Finally Read online

  How could a red dot look great? “What do you mean?”

  “The earring!” she says, pointing to a mirror that the lady is holding up. “Look!”

  To my amazement, there’s a gold earring in my ear! I hadn’t felt a thing, not even a pinch! The lady smiles at my reaction. “So I guess it wasn’t too bad, huh?” she asks.

  I grin, almost giddy with delight, switch the ice pack to my left hand, and move it up to my ear. While we wait for that one to get numb, the lady dabs some antibiotic ointment on the front and back of the newly pierced ear with a Q-tip. Now that the numbness is starting to wear off, I can feel a little twinge and a slight tugging sensation. Nothing too painful, though. A girl and her mom watch from the side, right where Annabelle and I stood the other day. The mother is holding the fake diamond starter earrings. The girl is a few years younger than me, and I can tell she’s nervous by the way she keeps twisting her hair and biting it. I give her the thumbs-up sign, and she quickly lets the batch of hair fall. Laying the ice pack down in my lap, I say, “Okay, ready for the next one.”

  The lady picks up the red pen and walks over to my other side. I decide to close my eyes again since that worked out so well last time. Then I hear Mom say, “Um, is that normal?” and my heart sinks to the floor.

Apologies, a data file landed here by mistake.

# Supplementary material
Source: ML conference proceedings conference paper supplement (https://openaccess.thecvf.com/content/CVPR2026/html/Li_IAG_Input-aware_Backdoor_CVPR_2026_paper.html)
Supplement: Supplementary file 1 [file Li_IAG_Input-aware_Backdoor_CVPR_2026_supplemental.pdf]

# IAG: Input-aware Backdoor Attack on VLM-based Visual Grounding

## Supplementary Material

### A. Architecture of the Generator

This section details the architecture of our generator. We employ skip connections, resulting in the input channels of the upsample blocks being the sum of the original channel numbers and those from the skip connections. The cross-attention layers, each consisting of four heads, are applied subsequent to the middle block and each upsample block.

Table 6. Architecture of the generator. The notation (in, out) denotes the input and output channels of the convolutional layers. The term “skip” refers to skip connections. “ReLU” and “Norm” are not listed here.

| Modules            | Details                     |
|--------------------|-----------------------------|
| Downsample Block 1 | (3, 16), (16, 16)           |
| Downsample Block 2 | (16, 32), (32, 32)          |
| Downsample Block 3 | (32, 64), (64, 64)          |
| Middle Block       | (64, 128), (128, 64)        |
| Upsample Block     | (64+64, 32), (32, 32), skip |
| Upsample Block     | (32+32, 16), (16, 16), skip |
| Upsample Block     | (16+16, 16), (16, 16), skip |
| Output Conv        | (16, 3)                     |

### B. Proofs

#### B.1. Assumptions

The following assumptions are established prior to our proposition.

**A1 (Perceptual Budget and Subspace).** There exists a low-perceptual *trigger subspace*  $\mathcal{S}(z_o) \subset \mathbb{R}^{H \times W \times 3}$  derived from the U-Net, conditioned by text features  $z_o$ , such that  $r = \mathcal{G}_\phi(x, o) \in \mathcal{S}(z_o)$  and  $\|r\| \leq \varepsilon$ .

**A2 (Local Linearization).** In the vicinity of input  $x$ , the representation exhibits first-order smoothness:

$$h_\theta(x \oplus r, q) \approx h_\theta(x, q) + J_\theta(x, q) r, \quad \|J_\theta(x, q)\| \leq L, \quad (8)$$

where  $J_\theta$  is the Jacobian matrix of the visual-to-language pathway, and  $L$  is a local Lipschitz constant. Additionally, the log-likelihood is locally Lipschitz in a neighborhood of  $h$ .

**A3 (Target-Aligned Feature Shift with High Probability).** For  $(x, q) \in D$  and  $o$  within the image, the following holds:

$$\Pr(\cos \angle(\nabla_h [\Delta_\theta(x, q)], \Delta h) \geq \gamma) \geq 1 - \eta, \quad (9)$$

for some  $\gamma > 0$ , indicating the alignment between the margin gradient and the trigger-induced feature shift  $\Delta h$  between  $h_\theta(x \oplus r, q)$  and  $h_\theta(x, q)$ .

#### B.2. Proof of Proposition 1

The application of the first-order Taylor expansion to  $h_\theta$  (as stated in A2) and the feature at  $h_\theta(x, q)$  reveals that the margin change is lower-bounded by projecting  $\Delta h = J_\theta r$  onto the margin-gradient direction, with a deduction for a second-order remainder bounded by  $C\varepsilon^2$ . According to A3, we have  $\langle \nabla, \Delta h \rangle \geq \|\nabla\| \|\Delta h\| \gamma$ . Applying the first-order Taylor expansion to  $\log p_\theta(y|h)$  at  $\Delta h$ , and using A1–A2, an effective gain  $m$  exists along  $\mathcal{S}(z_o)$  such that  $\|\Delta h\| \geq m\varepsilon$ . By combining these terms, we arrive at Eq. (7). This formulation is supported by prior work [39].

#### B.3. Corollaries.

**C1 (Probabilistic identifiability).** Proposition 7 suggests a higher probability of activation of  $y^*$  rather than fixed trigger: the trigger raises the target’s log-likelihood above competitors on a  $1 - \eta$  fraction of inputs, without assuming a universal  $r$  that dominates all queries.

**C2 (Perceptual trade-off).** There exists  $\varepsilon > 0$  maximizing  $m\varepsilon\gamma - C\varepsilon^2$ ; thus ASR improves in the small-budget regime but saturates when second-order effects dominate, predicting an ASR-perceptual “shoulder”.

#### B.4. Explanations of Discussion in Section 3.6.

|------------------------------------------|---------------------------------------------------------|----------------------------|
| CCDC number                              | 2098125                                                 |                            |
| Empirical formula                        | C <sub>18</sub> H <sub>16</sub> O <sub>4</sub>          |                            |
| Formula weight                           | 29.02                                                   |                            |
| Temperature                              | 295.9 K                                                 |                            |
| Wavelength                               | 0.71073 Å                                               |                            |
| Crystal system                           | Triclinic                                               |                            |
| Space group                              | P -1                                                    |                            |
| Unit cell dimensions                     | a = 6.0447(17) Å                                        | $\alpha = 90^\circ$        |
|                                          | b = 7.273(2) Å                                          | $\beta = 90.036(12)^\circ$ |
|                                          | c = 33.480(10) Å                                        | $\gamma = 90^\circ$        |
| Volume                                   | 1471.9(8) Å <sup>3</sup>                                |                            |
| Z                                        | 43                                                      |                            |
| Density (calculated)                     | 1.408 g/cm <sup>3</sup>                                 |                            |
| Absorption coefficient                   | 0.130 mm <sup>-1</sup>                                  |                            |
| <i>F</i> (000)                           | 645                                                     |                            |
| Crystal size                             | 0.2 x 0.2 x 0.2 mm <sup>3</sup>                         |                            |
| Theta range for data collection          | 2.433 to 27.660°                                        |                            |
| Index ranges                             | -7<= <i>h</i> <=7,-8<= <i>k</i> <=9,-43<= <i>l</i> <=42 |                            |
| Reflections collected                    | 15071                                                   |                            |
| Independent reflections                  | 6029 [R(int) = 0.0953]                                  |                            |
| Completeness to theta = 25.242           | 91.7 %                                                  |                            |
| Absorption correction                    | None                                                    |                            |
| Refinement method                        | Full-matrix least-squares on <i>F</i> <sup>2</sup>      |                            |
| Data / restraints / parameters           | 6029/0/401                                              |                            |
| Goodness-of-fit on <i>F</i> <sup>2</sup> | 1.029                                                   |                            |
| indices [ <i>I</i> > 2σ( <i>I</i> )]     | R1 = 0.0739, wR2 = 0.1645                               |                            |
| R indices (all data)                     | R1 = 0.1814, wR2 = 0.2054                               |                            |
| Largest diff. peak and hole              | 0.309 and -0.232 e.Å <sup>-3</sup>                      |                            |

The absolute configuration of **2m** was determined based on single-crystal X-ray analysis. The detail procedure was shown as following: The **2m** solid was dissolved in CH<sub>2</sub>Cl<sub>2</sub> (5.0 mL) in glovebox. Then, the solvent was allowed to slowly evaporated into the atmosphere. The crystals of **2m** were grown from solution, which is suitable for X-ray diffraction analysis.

Reluctantly, I open my eyes to see Mom pointing at my ear. The one with the shiny new earring that makes me really happy and didn’t hurt at all. I guess now that I think about it, there’s a dull sort of throbbing going on now. The lady rests the piercing gun on the table and comes over to look. “Hmm, that’s strange. You’re not allergic to gold, are you?”

  “Mom?” I ask, beginning to panic. “Am I?” It might be my imagination, but her face seems awfully pale all of a sudden.

  Turning to the woman, she says, “I thought you said the earrings were hypoallergenic?”

  “It’s very rare to be allergic to gold,” the lady insists. “This honestly never happens.”

  Where have I heard that before? I try to pick up the hand mirror, but Mom blocks me. “I think you better take the earring out.”

  The throbbing is worsening. I remember the girl in line with her mother and turn to look for them. They’re nowhere in sight.

  “I don’t think I can,” the lady says. “It’s sort of … embedded in there.”

  “What?” my mom and I say at the same time. My hand flies up to my ear. At first I’m not sure what part of my ear I’m touching, but then I realize that the earlobe is so swollen it almost completely covers the earring, front and back. The next thing I know, I hear a sort of popping sound, and the back of the earring shoots right into my hand.